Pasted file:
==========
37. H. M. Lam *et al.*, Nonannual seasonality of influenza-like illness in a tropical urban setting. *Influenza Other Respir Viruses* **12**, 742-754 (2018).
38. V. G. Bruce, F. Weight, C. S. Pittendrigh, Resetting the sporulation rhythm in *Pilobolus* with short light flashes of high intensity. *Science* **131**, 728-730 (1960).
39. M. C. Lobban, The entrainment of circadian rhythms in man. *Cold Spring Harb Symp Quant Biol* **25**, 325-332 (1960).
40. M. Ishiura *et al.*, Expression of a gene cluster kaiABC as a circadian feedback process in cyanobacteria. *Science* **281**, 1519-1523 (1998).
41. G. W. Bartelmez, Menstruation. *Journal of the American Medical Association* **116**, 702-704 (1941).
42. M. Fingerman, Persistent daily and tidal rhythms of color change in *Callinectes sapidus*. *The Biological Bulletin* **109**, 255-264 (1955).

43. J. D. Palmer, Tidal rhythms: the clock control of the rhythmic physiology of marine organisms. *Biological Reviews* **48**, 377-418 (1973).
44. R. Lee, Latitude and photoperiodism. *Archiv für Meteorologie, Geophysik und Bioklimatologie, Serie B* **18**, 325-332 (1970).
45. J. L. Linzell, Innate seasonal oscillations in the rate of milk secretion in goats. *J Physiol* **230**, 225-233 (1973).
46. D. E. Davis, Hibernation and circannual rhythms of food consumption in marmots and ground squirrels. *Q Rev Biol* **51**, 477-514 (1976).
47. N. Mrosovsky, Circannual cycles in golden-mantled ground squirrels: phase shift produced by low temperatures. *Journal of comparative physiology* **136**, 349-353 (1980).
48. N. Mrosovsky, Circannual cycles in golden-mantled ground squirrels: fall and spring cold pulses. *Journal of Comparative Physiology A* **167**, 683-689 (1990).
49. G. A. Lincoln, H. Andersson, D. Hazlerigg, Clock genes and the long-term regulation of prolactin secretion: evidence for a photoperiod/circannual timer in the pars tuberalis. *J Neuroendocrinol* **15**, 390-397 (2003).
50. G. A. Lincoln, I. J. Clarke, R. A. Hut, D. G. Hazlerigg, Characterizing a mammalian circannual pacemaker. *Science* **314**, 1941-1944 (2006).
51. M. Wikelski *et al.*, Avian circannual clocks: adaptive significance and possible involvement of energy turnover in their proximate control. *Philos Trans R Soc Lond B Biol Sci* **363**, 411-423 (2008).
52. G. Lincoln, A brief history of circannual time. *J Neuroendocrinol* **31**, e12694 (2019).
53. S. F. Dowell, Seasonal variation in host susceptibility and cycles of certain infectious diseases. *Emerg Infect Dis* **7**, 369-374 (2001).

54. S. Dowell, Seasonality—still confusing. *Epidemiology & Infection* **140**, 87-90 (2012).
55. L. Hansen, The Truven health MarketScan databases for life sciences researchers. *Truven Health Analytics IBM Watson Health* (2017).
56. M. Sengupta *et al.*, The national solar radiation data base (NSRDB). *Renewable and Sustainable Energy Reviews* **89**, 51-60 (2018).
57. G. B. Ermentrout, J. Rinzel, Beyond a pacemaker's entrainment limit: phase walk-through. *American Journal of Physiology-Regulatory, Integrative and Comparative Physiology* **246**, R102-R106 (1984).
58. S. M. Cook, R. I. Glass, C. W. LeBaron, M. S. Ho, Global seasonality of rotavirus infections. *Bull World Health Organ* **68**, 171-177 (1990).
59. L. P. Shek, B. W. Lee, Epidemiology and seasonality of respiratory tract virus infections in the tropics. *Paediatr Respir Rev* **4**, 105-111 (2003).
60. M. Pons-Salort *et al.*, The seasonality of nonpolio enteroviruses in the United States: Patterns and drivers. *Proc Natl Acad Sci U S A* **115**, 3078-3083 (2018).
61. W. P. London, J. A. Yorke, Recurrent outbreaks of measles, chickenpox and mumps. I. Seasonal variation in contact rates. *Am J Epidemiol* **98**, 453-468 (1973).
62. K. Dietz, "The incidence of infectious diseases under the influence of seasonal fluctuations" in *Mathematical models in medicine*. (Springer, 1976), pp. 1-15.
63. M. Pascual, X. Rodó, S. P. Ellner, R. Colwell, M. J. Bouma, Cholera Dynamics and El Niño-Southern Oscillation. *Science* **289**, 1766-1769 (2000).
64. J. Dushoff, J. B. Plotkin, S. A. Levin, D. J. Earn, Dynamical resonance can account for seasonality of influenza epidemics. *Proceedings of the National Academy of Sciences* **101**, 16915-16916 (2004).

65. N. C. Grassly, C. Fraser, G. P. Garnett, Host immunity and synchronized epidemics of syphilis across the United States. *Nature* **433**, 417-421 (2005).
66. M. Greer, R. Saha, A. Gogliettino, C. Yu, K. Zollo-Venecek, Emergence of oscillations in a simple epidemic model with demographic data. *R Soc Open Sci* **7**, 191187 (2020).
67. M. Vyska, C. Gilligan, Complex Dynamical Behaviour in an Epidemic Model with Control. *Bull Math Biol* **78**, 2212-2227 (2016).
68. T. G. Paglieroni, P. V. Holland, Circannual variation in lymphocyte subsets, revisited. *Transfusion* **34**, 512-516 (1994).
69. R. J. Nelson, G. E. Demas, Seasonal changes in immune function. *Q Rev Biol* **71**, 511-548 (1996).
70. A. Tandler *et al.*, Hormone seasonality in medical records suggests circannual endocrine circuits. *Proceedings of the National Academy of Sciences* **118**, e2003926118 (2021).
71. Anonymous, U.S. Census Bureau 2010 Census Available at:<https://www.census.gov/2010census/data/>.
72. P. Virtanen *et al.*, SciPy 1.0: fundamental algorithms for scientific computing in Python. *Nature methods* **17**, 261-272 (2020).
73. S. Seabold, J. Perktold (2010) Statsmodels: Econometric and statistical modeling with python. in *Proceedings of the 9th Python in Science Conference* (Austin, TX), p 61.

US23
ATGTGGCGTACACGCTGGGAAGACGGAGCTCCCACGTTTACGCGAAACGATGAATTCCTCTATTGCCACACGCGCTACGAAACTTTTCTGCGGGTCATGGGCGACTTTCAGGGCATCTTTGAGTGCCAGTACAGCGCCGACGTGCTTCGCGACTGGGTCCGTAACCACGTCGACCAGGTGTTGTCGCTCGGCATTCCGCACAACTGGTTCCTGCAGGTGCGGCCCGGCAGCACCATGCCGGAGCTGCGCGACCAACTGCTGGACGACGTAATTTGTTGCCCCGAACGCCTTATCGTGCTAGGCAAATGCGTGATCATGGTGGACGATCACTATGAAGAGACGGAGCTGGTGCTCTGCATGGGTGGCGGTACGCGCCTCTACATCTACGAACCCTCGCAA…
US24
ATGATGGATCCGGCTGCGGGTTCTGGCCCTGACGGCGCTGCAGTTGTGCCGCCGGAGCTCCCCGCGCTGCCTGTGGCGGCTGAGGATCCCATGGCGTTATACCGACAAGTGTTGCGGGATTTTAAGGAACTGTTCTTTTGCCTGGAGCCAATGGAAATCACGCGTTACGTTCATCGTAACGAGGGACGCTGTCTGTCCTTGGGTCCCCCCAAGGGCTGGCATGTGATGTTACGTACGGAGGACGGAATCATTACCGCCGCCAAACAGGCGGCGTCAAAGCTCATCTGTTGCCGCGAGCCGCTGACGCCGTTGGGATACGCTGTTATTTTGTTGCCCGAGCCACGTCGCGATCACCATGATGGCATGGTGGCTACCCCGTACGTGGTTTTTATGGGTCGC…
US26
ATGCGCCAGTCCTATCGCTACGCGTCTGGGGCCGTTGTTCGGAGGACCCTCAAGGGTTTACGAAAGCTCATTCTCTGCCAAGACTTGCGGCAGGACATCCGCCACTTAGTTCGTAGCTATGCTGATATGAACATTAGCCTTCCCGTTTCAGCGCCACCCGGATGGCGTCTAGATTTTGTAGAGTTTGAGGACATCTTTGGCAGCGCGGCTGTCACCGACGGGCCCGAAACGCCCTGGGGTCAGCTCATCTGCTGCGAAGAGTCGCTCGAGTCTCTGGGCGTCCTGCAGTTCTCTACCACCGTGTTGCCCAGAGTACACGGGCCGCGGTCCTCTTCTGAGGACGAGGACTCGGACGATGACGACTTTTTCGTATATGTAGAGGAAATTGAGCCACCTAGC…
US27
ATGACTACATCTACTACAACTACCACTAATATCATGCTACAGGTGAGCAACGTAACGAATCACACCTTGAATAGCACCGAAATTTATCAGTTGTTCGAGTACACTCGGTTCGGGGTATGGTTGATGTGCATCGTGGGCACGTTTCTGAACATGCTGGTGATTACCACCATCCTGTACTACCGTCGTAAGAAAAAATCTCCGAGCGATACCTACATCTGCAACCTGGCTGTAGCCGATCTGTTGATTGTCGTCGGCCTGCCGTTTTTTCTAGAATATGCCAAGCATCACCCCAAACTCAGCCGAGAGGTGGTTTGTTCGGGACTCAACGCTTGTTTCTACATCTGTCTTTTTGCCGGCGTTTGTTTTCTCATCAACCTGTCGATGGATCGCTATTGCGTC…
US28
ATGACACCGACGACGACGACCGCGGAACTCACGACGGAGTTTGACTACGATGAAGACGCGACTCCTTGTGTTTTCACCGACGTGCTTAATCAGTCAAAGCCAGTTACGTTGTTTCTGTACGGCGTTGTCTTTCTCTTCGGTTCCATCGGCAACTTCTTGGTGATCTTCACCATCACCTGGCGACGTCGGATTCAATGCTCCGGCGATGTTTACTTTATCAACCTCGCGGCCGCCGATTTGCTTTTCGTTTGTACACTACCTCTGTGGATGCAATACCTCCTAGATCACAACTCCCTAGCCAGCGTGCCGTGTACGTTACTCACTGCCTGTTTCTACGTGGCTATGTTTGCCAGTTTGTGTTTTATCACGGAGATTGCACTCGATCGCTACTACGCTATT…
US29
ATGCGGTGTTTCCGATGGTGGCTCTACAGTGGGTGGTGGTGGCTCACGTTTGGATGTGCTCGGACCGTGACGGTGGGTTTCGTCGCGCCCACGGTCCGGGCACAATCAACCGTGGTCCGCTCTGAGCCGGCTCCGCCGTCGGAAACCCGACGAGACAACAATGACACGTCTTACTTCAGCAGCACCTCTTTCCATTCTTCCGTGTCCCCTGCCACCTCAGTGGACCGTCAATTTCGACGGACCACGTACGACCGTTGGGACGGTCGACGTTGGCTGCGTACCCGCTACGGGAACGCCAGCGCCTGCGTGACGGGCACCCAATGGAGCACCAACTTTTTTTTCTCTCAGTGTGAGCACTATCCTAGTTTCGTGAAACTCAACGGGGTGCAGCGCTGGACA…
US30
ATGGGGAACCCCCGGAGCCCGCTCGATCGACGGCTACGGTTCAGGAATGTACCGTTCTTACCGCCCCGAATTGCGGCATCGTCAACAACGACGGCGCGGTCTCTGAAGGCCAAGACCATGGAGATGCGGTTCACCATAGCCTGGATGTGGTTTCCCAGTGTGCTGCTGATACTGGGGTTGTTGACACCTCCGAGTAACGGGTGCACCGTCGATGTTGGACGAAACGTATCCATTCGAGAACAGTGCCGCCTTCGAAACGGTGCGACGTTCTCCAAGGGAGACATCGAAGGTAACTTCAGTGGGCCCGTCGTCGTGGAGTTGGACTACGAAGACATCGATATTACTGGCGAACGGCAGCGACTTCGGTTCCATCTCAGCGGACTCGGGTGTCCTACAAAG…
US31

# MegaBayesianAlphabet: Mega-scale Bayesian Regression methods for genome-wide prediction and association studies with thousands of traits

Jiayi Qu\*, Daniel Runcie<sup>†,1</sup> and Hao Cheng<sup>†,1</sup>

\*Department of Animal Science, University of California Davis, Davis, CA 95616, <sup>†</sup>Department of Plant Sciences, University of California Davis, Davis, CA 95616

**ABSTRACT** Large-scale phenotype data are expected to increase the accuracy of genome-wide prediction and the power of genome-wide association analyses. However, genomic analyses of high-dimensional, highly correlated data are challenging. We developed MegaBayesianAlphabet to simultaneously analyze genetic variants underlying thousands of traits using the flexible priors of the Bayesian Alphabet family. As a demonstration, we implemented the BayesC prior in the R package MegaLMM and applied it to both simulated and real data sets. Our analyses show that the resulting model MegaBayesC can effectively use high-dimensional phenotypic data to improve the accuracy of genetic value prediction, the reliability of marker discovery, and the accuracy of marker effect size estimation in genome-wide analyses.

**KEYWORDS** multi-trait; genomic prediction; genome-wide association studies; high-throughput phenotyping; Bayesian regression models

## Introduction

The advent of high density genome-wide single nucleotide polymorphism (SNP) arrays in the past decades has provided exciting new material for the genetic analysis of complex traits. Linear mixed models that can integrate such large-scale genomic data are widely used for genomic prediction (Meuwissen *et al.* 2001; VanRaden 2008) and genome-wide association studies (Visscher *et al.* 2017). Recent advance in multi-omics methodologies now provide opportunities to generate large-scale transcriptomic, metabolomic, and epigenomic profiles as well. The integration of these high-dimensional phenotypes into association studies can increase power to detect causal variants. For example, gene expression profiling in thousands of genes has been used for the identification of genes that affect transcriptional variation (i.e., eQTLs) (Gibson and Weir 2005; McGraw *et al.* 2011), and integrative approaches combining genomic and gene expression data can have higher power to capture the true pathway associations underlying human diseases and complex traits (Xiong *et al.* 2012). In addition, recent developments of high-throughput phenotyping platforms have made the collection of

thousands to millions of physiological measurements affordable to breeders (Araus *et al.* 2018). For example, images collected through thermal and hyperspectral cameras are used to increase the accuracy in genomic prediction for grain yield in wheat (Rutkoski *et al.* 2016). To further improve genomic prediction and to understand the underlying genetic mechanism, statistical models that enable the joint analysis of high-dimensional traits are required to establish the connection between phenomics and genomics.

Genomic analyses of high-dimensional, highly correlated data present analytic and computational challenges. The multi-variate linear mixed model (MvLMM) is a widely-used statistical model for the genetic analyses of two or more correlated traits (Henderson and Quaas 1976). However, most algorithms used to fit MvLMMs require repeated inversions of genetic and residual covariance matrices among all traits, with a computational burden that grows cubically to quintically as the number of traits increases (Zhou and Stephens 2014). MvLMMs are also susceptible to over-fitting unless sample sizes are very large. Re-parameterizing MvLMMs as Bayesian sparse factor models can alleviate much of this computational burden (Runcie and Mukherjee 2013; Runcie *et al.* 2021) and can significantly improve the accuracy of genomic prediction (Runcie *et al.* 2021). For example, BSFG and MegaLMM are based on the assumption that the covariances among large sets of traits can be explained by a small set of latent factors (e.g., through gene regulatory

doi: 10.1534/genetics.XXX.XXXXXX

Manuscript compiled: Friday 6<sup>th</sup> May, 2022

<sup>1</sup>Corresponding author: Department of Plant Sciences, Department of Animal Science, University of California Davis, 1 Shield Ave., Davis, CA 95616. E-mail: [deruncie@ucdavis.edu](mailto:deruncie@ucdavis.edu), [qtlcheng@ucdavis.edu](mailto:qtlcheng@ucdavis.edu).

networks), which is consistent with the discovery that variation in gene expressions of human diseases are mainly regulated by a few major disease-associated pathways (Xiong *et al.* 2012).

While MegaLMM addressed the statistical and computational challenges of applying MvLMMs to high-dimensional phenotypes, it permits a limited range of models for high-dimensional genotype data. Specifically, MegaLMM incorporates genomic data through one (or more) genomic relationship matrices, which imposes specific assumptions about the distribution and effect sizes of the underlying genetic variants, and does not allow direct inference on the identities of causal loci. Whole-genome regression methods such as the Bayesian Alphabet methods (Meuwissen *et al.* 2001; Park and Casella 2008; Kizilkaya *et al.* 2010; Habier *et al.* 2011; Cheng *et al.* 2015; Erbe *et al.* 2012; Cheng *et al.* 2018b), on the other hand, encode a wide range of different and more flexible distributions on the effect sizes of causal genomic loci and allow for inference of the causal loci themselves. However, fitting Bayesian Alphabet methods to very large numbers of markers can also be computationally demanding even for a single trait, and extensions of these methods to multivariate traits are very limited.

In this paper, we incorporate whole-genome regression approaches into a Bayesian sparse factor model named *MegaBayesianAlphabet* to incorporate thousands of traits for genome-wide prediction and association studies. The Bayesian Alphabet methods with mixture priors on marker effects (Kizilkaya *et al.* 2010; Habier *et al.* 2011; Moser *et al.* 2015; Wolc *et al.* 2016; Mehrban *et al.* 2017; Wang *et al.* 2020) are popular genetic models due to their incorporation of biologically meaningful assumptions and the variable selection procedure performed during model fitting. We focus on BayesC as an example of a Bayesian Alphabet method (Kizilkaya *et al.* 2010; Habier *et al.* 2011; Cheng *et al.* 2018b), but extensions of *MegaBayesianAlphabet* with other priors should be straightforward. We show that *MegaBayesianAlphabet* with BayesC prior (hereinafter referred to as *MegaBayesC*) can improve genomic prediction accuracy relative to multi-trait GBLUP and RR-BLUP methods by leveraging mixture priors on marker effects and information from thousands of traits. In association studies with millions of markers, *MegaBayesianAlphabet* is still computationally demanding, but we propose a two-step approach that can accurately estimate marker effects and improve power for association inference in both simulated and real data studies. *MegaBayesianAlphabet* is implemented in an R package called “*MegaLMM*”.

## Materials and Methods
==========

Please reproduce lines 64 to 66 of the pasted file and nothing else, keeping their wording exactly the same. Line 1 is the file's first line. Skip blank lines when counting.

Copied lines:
<sup>1</sup>Corresponding author: Department of Plant Sciences, Department of Animal Science, University of California Davis, 1 Shield Ave., Davis, CA 95616. E-mail: [deruncie@ucdavis.edu](mailto:deruncie@ucdavis.edu), [qtlcheng@ucdavis.edu](mailto:qtlcheng@ucdavis.edu).

networks), which is consistent with the discovery that variation in gene expressions of human diseases are mainly regulated by a few major disease-associated pathways (Xiong *et al.* 2012).

While MegaLMM addressed the statistical and computational challenges of applying MvLMMs to high-dimensional phenotypes, it permits a limited range of models for high-dimensional genotype data. Specifically, MegaLMM incorporates genomic data through one (or more) genomic relationship matrices, which imposes specific assumptions about the distribution and effect sizes of the underlying genetic variants, and does not allow direct inference on the identities of causal loci. Whole-genome regression methods such as the Bayesian Alphabet methods (Meuwissen *et al.* 2001; Park and Casella 2008; Kizilkaya *et al.* 2010; Habier *et al.* 2011; Cheng *et al.* 2015; Erbe *et al.* 2012; Cheng *et al.* 2018b), on the other hand, encode a wide range of different and more flexible distributions on the effect sizes of causal genomic loci and allow for inference of the causal loci themselves. However, fitting Bayesian Alphabet methods to very large numbers of markers can also be computationally demanding even for a single trait, and extensions of these methods to multivariate traits are very limited.